Ahe current profile of the sustainable city obviously combines these two dimensions, but in different proportions. Efforts to equip the intelligent city are out of all proportion to the integration of nature in the city and the very physical relationship between man and his urban environment.

The Soft City

The term used since 1974 by Jonathan Raban in his book of the same name "Soft City" refers in urban literature to the astonishing exploration of the relationship between the imagined and personal "soft city" and the physical space of the built environment, which the author describes as "the hard city".
Previously, the sociologist Georg Simmel (1) produced a reflection on the body in the city that introduced the idea that urban dwellers shape a "shell" to avoid disturbing physical contact in environments where there is a high concentration of people (transport networks in particular). Apart from these thinkers, the subject of the physical relationship between the human being and the city in urban scientific literature is the subject of current work that is rather scattered and takes different forms.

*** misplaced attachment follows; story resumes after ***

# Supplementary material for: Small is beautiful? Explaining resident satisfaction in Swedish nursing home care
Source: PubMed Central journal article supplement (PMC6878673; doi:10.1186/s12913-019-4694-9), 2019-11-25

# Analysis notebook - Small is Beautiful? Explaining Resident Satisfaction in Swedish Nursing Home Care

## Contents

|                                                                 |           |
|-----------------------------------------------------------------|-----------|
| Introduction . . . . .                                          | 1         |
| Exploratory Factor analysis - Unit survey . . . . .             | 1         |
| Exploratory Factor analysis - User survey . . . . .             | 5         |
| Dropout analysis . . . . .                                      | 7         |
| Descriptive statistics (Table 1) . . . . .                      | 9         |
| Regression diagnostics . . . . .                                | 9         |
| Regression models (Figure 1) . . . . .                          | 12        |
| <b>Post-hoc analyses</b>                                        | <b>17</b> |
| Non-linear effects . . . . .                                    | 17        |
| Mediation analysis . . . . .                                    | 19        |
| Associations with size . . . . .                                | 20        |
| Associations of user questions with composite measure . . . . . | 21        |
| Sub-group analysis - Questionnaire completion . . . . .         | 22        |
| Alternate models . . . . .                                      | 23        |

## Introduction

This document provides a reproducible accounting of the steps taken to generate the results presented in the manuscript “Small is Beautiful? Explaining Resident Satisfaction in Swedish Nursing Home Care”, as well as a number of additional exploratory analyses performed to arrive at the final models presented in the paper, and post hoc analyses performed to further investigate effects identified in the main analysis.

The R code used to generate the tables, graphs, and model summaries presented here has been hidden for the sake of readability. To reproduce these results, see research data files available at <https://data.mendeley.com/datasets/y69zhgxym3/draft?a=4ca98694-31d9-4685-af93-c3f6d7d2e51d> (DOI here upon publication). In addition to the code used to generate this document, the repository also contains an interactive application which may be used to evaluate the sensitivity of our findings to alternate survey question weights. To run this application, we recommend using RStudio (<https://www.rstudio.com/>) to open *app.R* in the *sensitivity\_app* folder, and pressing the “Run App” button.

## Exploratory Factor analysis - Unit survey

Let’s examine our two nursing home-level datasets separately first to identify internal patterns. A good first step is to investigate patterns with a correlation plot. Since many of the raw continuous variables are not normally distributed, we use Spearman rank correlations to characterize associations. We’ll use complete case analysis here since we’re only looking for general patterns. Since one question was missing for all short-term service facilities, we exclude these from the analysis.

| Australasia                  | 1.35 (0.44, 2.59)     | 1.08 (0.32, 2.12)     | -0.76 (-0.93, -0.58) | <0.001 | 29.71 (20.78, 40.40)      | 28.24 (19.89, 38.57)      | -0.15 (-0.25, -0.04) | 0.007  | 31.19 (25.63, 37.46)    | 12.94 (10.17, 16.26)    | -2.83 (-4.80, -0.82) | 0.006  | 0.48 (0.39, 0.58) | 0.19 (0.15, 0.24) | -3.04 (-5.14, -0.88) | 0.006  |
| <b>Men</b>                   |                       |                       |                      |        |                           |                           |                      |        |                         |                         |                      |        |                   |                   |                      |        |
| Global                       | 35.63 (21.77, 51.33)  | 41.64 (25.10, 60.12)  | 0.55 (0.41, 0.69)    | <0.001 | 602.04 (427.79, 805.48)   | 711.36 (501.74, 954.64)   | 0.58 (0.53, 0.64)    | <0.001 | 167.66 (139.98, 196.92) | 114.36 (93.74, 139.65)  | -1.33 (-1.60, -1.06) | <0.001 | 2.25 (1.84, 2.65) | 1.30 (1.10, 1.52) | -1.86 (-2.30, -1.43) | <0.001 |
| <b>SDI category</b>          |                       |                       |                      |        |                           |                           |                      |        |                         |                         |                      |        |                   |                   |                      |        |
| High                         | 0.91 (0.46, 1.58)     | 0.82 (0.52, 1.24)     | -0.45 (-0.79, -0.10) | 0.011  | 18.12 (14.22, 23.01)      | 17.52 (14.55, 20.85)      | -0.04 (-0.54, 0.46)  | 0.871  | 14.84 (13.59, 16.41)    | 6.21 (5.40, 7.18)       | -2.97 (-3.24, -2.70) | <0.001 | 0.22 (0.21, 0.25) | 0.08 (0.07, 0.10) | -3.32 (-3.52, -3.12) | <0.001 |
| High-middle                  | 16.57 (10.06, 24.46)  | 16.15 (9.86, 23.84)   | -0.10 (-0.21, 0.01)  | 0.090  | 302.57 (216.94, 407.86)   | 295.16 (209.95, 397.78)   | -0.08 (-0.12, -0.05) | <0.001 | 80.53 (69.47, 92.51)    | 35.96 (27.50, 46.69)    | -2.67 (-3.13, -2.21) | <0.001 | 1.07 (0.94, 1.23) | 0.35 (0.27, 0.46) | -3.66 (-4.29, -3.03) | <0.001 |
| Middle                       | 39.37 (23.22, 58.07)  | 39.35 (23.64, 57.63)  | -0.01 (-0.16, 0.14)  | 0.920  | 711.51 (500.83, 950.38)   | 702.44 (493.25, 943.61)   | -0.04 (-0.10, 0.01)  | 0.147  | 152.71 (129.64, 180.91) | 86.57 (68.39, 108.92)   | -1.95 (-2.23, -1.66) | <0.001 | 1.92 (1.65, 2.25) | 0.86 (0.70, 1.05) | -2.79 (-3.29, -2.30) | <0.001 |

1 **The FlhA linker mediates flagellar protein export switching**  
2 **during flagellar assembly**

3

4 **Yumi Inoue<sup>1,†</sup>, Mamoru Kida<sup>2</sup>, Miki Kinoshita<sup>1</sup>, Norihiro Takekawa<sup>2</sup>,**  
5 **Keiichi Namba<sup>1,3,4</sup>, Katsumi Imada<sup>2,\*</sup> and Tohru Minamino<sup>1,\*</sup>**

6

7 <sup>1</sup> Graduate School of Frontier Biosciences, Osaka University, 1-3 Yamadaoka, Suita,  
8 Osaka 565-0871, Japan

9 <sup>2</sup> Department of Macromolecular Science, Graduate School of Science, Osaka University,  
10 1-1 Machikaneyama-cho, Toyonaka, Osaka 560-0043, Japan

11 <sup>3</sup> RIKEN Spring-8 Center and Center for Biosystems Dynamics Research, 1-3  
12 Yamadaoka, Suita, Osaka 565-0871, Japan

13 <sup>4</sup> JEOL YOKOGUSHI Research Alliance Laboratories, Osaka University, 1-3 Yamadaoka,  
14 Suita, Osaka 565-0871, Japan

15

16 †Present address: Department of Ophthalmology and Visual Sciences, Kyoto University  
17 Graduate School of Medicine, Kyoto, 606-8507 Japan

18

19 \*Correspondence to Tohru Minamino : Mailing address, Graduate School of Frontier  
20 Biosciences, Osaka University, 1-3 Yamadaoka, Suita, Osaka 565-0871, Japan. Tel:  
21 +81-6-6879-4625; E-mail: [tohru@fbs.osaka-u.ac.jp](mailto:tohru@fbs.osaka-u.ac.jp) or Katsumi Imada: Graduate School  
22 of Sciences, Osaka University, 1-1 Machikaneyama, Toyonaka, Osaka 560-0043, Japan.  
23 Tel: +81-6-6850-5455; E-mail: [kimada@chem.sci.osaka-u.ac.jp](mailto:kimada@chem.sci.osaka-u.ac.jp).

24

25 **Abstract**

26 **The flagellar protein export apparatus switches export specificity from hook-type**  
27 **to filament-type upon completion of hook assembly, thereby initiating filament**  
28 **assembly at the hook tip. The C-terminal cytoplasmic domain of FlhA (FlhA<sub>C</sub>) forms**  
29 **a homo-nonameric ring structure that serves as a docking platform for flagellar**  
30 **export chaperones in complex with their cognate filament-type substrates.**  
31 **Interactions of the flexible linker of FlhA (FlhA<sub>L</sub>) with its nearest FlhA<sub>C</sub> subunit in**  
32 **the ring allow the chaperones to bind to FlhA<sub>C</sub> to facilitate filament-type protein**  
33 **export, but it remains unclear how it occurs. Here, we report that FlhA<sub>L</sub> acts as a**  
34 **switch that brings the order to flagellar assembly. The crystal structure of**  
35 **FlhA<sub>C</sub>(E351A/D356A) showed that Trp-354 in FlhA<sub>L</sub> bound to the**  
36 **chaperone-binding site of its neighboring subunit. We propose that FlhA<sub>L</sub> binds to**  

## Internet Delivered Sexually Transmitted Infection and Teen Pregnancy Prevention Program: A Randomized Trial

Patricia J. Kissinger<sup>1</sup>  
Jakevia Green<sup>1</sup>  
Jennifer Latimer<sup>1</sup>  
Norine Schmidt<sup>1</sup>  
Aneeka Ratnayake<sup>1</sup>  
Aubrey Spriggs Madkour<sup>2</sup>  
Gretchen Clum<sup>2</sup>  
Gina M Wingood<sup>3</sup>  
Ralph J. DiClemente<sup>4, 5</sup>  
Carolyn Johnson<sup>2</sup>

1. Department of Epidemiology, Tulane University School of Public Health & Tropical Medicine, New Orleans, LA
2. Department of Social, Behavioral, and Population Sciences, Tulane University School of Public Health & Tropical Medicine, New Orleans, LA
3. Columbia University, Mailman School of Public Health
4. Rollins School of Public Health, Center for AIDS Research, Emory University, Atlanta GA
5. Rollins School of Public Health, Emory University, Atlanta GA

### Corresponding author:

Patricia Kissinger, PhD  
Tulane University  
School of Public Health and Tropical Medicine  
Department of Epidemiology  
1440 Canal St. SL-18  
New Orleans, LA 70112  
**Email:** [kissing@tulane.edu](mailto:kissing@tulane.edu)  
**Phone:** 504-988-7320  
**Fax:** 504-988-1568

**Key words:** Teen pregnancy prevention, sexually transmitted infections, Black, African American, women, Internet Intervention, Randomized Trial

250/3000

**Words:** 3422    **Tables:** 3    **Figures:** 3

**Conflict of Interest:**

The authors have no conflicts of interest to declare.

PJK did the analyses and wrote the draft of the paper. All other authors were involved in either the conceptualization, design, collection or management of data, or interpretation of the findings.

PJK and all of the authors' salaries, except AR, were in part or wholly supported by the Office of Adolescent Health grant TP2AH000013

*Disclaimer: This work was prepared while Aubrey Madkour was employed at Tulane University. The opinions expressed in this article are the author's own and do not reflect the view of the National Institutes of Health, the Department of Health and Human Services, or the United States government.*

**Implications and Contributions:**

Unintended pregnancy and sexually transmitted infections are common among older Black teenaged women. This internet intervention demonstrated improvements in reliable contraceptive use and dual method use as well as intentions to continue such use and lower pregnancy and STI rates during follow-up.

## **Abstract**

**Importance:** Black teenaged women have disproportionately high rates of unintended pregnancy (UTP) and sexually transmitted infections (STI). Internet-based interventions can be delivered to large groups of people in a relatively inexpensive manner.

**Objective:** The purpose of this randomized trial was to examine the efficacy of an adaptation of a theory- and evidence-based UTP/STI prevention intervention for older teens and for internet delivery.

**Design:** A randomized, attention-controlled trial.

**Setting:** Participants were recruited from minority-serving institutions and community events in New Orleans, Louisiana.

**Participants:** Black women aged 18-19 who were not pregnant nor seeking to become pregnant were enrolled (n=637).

Is this a new current of thought for the city that accompanies the transformations of our society towards a better consideration of human aspects (behaviour, psychology, well-being, etc.)?

The soft trends that are being expressed: nature city, sensitive city